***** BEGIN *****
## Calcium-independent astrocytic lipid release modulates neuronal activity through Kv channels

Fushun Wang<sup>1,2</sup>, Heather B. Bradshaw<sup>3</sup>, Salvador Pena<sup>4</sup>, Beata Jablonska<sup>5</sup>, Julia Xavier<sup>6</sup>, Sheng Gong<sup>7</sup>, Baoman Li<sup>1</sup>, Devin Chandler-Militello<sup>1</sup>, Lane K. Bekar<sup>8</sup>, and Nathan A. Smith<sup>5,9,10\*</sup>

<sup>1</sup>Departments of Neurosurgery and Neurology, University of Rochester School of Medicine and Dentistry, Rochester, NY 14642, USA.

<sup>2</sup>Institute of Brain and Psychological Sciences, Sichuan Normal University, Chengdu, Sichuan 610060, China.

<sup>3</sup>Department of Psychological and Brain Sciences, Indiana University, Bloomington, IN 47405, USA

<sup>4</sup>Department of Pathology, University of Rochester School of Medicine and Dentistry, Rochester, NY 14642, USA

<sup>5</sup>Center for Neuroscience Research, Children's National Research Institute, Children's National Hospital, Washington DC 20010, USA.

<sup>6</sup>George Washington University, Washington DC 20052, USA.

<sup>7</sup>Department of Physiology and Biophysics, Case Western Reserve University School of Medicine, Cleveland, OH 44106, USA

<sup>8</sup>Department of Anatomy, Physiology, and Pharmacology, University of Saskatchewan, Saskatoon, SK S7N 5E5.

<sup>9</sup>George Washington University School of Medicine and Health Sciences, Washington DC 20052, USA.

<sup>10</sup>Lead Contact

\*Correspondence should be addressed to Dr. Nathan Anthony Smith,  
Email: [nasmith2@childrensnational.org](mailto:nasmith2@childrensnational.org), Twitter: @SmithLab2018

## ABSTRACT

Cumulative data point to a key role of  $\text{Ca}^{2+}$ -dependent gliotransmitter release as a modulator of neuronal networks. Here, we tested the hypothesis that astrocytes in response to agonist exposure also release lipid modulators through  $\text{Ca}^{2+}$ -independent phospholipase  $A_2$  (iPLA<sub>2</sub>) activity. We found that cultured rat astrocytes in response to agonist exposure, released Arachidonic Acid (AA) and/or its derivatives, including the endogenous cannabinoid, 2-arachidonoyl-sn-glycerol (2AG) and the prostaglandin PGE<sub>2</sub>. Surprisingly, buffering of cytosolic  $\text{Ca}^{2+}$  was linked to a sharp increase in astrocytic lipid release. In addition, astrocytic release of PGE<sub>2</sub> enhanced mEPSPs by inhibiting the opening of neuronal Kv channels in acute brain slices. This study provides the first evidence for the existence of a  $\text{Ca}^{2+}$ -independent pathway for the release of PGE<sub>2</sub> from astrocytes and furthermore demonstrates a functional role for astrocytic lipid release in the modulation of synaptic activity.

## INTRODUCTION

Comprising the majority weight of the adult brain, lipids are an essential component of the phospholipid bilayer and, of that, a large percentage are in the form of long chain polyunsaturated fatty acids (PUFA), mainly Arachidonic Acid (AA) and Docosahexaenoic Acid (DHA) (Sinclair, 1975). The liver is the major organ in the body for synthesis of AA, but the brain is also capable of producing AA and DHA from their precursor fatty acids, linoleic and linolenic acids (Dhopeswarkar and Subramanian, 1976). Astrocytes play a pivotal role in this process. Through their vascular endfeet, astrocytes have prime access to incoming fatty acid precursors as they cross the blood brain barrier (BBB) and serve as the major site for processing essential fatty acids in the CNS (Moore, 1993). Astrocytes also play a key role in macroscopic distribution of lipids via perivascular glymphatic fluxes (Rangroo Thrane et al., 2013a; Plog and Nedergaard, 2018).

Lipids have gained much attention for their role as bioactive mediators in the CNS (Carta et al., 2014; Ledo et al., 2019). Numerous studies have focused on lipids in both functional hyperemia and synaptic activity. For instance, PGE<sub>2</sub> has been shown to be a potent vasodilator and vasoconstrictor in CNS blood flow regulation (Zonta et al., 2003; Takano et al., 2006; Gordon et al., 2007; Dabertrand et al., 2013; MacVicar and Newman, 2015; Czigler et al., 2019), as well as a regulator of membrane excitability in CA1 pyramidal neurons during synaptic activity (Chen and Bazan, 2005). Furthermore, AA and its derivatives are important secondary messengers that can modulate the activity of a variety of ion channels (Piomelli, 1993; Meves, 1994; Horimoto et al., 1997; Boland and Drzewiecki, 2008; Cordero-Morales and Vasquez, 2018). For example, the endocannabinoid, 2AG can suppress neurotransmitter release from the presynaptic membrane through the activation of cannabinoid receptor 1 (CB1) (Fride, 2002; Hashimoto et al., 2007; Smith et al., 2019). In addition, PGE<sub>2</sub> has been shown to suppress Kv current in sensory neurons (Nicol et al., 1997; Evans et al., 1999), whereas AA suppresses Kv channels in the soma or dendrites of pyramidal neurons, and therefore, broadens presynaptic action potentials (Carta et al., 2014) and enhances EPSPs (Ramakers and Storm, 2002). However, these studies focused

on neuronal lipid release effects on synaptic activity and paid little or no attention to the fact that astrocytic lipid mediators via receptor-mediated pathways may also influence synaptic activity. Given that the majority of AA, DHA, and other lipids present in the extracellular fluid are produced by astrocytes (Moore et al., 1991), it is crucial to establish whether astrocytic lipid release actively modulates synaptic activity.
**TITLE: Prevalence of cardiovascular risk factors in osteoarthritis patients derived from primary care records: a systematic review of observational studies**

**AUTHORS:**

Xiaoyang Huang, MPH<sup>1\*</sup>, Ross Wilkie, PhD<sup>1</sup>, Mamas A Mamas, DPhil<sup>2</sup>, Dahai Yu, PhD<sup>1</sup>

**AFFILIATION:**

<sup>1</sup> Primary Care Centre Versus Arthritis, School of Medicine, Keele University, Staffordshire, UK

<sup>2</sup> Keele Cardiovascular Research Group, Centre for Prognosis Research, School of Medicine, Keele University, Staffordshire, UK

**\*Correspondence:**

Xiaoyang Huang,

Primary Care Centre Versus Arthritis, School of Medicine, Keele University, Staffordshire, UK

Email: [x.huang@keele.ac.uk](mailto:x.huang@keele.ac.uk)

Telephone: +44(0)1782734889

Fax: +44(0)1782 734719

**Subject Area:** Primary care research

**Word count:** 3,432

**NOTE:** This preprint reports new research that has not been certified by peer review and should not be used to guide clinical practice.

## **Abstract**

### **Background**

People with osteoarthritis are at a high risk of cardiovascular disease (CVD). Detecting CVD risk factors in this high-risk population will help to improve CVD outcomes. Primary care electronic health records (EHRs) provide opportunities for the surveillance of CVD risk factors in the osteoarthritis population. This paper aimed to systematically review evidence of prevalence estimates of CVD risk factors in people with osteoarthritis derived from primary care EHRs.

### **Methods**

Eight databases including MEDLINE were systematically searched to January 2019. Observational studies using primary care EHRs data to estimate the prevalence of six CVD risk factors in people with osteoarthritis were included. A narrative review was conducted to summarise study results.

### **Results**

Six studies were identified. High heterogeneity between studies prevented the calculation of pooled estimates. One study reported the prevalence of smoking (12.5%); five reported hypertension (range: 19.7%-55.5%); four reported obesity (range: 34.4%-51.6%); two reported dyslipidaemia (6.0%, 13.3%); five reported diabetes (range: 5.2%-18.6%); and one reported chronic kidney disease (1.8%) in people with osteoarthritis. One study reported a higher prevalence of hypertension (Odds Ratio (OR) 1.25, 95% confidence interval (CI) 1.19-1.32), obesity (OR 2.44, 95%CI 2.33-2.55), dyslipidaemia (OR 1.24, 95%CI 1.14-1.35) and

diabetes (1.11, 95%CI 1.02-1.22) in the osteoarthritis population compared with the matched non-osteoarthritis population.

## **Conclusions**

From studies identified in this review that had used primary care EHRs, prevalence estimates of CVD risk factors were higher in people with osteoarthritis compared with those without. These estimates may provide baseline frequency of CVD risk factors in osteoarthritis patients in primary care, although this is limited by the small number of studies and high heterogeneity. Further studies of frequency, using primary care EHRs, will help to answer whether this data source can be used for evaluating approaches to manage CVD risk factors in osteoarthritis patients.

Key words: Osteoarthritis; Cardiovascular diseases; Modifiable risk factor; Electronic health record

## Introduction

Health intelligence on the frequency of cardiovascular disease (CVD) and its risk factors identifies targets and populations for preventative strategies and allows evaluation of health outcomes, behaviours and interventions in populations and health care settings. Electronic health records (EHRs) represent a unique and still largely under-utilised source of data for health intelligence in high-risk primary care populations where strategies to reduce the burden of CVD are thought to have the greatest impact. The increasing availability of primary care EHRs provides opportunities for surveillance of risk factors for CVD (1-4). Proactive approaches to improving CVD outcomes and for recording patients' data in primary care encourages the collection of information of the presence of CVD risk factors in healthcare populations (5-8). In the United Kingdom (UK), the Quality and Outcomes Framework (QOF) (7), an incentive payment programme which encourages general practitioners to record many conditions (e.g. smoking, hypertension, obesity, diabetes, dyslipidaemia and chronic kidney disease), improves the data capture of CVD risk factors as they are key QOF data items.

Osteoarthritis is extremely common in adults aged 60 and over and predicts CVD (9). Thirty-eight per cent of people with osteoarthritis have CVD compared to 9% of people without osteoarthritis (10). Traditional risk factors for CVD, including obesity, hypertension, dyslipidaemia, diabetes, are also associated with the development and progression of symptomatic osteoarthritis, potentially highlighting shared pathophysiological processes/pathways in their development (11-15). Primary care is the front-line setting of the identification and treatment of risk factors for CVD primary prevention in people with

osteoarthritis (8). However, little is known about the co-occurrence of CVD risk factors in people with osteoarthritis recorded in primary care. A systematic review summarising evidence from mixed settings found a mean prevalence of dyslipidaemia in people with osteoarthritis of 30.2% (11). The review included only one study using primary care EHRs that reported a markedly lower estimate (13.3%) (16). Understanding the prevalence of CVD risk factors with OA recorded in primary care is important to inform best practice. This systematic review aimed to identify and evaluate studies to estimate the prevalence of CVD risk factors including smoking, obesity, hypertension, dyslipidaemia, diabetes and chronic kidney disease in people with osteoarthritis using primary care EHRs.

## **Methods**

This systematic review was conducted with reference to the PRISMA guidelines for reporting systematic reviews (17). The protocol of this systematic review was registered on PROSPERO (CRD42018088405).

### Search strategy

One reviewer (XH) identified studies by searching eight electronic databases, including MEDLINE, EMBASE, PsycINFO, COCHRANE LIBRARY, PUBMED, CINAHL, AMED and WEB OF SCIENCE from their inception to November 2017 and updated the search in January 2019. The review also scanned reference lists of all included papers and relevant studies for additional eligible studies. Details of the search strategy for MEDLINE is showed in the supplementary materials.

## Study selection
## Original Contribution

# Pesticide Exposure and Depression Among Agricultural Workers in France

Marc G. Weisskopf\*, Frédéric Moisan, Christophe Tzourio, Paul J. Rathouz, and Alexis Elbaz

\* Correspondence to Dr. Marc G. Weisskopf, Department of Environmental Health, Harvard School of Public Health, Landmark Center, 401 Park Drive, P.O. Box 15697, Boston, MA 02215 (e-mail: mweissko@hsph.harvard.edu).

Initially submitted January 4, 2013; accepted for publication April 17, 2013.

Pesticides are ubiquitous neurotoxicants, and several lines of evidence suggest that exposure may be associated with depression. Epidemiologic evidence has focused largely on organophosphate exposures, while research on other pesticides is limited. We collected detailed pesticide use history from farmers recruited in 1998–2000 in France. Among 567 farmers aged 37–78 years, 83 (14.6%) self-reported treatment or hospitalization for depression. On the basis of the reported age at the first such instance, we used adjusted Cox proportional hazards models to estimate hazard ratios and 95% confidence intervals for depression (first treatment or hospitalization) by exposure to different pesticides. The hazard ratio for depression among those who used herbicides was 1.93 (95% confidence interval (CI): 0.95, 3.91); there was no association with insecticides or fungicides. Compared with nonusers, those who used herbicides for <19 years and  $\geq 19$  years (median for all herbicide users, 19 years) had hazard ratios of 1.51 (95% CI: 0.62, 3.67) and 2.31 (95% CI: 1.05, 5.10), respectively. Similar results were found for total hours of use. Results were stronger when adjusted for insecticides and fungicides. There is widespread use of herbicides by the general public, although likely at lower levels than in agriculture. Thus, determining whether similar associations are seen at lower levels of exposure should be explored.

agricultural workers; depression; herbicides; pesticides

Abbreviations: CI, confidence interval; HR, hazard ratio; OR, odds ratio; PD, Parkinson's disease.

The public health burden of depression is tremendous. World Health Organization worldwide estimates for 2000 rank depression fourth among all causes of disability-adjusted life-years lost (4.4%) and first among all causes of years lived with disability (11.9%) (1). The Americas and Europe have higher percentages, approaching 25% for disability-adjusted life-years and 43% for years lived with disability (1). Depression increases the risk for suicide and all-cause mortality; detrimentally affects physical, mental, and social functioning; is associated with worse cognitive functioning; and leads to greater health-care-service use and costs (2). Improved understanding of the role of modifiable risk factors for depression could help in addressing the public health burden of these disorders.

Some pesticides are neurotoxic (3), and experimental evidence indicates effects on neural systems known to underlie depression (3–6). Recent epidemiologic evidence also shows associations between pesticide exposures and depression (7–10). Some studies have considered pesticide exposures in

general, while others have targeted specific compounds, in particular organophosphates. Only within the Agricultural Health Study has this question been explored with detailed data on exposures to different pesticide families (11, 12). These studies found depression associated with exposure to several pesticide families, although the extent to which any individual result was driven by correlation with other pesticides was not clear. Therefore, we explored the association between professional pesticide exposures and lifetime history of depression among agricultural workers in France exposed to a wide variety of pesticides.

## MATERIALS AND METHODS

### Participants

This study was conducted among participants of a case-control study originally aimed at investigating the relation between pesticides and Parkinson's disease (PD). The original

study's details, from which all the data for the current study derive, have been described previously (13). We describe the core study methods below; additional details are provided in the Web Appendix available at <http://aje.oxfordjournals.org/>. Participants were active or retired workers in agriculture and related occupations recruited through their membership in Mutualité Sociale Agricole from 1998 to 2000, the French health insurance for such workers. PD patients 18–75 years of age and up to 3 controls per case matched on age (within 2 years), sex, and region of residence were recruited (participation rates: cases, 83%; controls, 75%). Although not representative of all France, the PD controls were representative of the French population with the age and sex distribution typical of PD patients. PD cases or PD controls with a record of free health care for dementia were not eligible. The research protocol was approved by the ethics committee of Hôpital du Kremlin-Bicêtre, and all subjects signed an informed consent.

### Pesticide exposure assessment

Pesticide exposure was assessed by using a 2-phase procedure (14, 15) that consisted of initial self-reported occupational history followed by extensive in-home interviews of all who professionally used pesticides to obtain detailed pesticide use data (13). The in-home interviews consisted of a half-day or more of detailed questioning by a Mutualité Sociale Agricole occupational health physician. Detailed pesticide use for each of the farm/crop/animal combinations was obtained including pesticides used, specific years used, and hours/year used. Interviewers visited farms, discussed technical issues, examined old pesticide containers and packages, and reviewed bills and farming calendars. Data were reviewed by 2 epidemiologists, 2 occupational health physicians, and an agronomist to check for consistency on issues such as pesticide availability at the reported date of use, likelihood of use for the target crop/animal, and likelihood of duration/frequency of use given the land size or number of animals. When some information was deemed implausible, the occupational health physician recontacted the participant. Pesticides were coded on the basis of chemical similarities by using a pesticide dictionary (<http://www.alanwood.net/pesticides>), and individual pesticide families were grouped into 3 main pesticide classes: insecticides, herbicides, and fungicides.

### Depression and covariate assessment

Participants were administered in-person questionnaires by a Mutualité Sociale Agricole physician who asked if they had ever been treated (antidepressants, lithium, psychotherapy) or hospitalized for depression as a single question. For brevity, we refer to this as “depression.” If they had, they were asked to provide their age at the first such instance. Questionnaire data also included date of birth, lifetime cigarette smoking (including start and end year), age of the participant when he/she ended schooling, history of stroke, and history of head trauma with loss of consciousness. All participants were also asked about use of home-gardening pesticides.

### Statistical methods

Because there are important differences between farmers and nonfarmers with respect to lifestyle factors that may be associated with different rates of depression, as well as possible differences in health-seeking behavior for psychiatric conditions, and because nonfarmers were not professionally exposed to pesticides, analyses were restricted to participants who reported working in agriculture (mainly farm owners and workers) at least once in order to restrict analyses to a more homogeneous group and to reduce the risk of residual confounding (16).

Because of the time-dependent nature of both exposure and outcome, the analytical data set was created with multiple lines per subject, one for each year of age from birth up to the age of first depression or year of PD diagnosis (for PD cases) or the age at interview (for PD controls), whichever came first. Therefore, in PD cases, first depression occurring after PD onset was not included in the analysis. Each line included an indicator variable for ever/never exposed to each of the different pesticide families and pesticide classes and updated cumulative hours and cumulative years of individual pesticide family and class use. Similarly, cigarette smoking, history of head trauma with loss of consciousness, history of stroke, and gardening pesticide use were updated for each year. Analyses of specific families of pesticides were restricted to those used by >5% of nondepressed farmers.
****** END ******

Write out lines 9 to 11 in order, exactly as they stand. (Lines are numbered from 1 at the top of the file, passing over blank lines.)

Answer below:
<sup>7</sup>Department of Physiology and Biophysics, Case Western Reserve University School of Medicine, Cleveland, OH 44106, USA

<sup>8</sup>Department of Anatomy, Physiology, and Pharmacology, University of Saskatchewan, Saskatoon, SK S7N 5E5.

<sup>9</sup>George Washington University School of Medicine and Health Sciences, Washington DC 20052, USA.